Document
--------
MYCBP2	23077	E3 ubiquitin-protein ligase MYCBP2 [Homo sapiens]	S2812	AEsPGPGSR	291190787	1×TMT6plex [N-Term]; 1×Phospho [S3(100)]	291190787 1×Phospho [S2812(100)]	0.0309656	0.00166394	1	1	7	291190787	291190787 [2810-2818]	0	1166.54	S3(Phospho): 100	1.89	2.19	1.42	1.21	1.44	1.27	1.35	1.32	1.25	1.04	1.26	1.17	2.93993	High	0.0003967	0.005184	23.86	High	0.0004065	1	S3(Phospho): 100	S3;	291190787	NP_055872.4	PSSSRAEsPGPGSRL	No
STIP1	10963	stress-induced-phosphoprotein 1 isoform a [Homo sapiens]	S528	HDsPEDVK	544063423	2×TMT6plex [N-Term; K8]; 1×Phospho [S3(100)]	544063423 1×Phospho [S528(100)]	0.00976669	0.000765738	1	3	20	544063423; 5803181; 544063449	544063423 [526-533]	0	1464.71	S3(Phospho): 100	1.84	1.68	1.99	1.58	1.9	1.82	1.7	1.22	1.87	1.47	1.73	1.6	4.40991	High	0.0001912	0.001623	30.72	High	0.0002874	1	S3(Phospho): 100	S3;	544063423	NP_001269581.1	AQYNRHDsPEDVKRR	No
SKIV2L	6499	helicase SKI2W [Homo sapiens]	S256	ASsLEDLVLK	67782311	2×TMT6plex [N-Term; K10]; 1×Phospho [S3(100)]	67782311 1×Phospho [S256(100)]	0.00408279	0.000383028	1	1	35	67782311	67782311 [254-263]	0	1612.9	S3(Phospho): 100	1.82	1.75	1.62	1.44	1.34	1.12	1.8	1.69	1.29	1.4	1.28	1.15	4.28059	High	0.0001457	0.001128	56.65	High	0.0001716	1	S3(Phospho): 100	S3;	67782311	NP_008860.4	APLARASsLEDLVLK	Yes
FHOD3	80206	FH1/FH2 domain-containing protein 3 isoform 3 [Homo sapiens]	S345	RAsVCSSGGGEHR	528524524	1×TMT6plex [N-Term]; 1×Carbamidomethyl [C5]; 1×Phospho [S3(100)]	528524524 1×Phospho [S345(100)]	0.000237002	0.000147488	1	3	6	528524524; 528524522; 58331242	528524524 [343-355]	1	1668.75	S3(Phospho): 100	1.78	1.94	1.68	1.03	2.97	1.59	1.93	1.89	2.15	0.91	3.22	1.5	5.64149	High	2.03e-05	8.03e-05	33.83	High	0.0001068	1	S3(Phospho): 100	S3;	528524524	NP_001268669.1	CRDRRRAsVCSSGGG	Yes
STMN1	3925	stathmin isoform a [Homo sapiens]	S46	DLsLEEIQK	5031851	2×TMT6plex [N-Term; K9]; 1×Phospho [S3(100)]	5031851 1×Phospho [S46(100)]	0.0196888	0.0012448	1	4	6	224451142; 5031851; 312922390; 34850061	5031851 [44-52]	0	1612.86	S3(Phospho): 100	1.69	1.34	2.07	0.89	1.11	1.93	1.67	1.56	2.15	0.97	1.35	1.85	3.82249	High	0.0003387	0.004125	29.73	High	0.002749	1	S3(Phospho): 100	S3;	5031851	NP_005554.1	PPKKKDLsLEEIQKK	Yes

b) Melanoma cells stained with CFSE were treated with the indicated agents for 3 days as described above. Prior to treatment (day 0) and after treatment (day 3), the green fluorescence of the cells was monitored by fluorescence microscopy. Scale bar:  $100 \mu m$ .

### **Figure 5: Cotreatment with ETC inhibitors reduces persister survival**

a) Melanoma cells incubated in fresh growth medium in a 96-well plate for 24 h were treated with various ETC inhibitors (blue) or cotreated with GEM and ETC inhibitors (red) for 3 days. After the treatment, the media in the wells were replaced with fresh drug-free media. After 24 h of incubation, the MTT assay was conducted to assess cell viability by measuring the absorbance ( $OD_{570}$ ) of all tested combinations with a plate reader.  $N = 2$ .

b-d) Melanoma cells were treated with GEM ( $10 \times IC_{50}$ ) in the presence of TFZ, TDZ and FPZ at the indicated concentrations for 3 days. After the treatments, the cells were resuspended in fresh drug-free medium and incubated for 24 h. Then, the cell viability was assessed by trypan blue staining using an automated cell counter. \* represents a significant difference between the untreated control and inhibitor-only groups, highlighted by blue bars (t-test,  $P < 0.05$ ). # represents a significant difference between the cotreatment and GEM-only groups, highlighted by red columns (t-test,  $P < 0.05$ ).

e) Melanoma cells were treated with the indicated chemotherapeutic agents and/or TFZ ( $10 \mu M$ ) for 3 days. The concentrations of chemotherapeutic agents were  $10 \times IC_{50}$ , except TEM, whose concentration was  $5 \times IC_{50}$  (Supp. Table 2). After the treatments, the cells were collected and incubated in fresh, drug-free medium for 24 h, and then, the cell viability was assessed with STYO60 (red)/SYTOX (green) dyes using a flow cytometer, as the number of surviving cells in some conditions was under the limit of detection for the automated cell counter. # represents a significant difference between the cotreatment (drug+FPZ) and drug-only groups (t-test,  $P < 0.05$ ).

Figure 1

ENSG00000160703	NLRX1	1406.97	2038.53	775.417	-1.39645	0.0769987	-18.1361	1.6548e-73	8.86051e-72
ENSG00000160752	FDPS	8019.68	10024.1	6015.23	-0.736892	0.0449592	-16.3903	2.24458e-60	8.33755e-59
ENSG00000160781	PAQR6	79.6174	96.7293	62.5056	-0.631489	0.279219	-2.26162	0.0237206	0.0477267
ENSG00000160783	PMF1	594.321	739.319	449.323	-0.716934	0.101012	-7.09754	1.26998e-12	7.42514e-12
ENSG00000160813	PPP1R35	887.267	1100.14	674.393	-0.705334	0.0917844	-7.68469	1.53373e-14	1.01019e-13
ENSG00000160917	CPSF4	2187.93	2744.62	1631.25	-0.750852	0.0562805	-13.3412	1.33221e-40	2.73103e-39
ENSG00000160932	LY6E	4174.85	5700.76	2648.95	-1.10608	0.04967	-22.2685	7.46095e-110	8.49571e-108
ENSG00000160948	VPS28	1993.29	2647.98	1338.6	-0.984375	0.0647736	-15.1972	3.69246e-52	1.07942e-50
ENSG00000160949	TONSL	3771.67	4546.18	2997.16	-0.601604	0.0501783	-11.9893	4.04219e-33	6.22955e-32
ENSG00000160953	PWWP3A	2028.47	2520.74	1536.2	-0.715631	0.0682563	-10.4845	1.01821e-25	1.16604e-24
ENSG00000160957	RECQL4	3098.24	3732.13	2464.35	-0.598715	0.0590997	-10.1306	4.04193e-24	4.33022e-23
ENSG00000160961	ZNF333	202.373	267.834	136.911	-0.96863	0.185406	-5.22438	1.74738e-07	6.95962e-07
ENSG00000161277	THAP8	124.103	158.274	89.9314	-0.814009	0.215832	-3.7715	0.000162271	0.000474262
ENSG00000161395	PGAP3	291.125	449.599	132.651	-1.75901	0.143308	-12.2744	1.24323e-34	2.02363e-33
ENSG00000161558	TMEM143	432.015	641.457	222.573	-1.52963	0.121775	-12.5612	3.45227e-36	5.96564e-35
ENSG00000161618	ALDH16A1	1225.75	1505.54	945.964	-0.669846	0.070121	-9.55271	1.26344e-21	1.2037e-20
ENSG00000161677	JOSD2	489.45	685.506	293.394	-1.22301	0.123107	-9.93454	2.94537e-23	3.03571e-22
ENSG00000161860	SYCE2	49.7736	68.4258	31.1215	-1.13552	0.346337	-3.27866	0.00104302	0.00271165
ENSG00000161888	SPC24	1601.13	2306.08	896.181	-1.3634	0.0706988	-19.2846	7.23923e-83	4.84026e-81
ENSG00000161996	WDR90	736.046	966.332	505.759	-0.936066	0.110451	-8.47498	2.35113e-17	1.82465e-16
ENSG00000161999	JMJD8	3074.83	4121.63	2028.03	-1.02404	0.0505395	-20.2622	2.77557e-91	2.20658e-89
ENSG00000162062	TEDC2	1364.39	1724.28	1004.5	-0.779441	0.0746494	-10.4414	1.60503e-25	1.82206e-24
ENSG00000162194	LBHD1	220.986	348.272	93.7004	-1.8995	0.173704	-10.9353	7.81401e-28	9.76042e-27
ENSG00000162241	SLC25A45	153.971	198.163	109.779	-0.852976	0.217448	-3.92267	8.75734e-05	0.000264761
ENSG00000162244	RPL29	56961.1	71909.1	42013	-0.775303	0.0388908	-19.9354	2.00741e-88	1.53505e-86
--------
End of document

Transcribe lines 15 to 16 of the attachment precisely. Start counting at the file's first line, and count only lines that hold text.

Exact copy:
ENSG00000160783	PMF1	594.321	739.319	449.323	-0.716934	0.101012	-7.09754	1.26998e-12	7.42514e-12
ENSG00000160813	PPP1R35	887.267	1100.14	674.393	-0.705334	0.0917844	-7.68469	1.53373e-14	1.01019e-13